1. Upon receiving an unavailability claim for a parachain block, an assigned validator (e.g., randomly assigned) tries to reconstruct the partially unavailable block first by asking the collators of the parachain and eventually by requesting other validators for their erasure-coded piece, and try to reconstruct the contested parachain blob. If succeeded, they re-compute the erasure coded pieces sending them to the validators claiming unavailability and the collators of the parachain.

  2. Once a validator receives at least $f$ unavailability announcements for a parachain block whose header is included in block $B$, it will not vote to finalize $B$ or any of its descendants in GRANDPA.

  3. Once $\frac{2}{3}$ of the validators claims unavailability, the collators of that parachain and the parachain validators who have signed the unavailable block are going to be slashed.

The availability procedure is only required for liveness, so it does not have to be fast. The issue is that if $f$ honest validators have a piece, then that is not enough to reconstruct the blob, but as far as they know, they can still vote for it.

If there are any Byzantine or offline validators, then this might stop us from getting the $n-f$ votes needed to finalize another subchain. In this case, we might get two forks, one including the blob and one without it. If the one including the blob is longer, we need the availability procedure for everyone to agree that it is invalid.

Note that in the case when $f+1$ validators are Byzantine and the claim for an unavailable blob is available, they can finalize it with the help of $f$ validators who have the only $f$ pieces, and we have no way to uniquely attributing this fault. But this is also a problem for other schemes.

Challenging a parachain block validity

If a parachain fisherman publishes a proof stating that the block is invalid, the validators which have signed off on the relay chain block containing the parachain block header must hand over the erasure-coded piece associated to that parachain block. If a validator refuses to hand over the piece, we slash them. Moreover, if the assigned validator publishes the proof that $f+1$ pieces cannot be decoded into a blob, then we slash the parachain validators and declare that relay chain block as invalid.

The Merkle root commitment means that all parachain validators who signed off on the blob must provide the same erasure-coded version. As a result, the erasure code is only used to recover from missing, rather than corrupted pieces. This is true even if some of the parachain validators are Byzantine, because any piece with a valid Merkle proof is the one that all the validators committed to.

Accordingly, suppose there are $f+1$ pieces alongside the proof that they all belong to the same Merkle root in the block header. If they do not assemble to a valid decoded message (block), then all the parachain validators who signed the block header did so, knowing that it did not contain the Merkle root of a valid erasure code. So if the original block cannot be reconstructed from $f+1$ pieces, it is safe to slash every parachain validator who signed off on the Merkle root.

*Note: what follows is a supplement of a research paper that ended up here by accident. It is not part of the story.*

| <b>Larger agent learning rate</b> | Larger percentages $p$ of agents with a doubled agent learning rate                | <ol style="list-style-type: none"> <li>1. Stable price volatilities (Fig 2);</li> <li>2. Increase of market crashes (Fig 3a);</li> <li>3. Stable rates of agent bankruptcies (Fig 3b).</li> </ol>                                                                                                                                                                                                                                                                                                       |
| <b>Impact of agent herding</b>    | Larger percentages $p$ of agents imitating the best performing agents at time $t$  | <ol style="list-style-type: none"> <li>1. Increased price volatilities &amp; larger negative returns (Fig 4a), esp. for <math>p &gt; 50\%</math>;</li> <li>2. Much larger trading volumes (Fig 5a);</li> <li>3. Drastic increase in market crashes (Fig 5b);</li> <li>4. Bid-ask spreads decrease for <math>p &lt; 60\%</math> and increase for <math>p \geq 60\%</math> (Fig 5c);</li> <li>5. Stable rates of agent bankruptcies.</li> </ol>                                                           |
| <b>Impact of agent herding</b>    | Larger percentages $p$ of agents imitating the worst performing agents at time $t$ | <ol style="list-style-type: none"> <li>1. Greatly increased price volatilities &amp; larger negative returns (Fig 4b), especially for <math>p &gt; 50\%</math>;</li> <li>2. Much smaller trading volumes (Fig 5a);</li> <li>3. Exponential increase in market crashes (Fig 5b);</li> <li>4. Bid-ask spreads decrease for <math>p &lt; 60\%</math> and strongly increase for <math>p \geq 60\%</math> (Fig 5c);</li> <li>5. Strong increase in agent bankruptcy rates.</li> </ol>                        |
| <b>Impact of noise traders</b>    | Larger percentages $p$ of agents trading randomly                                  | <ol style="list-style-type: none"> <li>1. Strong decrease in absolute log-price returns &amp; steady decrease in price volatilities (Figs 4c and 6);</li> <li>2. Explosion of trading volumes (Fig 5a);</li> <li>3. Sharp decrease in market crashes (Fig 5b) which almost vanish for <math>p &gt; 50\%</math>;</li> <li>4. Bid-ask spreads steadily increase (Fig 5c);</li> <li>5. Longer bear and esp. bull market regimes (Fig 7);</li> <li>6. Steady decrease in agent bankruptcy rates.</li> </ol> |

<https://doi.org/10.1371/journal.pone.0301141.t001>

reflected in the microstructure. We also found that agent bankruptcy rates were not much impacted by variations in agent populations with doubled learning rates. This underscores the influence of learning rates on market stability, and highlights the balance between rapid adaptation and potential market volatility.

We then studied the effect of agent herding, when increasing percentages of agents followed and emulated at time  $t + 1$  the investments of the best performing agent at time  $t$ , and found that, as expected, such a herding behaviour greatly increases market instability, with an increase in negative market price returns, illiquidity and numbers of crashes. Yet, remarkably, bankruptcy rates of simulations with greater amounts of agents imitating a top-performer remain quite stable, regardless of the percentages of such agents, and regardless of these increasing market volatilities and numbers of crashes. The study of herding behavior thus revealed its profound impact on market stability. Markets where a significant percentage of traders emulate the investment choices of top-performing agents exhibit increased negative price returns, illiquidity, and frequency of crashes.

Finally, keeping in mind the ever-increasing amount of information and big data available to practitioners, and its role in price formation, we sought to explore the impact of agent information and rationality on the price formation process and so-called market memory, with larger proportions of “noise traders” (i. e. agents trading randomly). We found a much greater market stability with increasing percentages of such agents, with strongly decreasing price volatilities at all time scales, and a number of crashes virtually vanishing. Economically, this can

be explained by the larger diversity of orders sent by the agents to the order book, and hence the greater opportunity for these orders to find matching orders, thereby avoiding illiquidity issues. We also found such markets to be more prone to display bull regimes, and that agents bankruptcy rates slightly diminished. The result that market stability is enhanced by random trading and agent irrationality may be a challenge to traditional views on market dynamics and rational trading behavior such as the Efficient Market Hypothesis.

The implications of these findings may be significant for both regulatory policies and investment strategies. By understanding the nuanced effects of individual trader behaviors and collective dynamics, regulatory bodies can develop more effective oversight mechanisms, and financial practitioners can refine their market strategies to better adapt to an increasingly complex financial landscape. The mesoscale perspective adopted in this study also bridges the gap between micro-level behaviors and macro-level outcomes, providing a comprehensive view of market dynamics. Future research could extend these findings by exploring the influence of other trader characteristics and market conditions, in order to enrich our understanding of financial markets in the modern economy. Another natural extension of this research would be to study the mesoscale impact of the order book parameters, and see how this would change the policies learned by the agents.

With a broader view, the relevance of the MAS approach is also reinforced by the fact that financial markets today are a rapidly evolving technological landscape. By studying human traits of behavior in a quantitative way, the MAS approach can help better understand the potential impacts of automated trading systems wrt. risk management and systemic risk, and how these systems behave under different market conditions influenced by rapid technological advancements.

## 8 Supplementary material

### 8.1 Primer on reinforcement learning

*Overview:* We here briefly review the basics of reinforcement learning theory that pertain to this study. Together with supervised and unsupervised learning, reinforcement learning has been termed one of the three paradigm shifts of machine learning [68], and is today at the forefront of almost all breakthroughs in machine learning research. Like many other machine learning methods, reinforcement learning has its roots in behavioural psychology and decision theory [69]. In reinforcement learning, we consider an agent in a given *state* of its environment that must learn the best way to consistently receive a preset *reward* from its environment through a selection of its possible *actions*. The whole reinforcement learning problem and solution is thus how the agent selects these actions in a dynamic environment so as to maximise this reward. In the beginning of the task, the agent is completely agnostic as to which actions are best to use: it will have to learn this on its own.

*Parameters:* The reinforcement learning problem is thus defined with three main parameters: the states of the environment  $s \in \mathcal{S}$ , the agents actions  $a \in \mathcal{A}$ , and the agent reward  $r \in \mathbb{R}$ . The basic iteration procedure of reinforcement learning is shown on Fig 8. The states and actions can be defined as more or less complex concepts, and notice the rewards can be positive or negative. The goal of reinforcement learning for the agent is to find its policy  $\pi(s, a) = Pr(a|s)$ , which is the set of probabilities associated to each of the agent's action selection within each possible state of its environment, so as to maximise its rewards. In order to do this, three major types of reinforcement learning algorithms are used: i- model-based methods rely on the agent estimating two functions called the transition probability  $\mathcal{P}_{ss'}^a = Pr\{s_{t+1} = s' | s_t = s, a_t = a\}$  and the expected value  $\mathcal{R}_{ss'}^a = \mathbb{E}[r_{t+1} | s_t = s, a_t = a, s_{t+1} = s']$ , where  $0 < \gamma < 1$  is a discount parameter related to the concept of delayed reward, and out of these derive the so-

Agreeing on non-availability (see above) might take a long time, particularly, if all parachain validators are malicious it might take a while for invalid/unavailable blocks to be detected. For some adversaries this delay might be enough. We propose post-checking scheme, where availability and validity of parachain blobs is check as soon as they are added to a relay chain block. Note, that this scheme might not detect all unavailability/invalidity issues, hence, we keep the previous "agreeing on non-availability" scheme as a fall back guarantee.

Once a relay chain block has been added to the relay chain, validators need to randomly be self-assigned to parachains to check whether the parachain is still available and valid. Once, a validator is self-assigned to a parachain, it will check all blobs of that parachain that have not ben checked before. A list of checked parachain blobs is kept on the relay chain.

Storage efficiency

If there are $m$ parachains with parachain blocks of size $s$ bytes, then each validator stores $s/k$ bytes for each parachain and hence the total storage requirement is equal to $ms/k < 3ms/n$ as $k > n/3$.

In that regard, the amount of storage for the proposed availability scheme is less than a naïve scheme where $c$ randomly chosen validators store the same copy of a block for $c > 3$. In such a scheme, each validator requires $cms/n$ bytes on average to store a block. At the same time, the proposed scheme has more resilience against Byzantine validators.

Current implementation in Polkadot PoC-4

Polkadot is currently using Reed-Solomon encoding of $(n, f+1)$ over Finite Field of $2^{16}$ elements where $n$ is the number of relay chain validators and $f=\lfloor\frac{n-1}{3}\rfloor$ to implement the availability scheme.

Every parachain block alongside its extrinsics is encoded by SCALE codec and is possibly padded to make sure that the encoded data is of even length. The block then is seen as a sequence of two-byte chunks each representing an element of $GF(2^{16})$. The sequence is broken into $f+1$-length subsequences where the final subsequence is also padded by 0 to make it of consistent length with the other subsequences. Each subsequence is treated as a message word and is encoded using Reed-Solomon $(n,f+1)$ encoding into an n-tuple codeword vector whose elements are distributed between the validators. In this way, each subset of $f+1$ validators can reconstruct all of the $f+1$ subsequences and hence reconstruct the original parachain block.

Note that the implementation has not been done based on the 2D Reed-Solomon approach from 2D Reed-Solomon smaller proofs of non-decodability provide an improvement only if the proofs of invalidity of parachain blocks are likely to be smaller than the blocks themselves. Moreover, because the number of validators is a priori known, a 1D Reed-Solomon provides a deterministic scheme.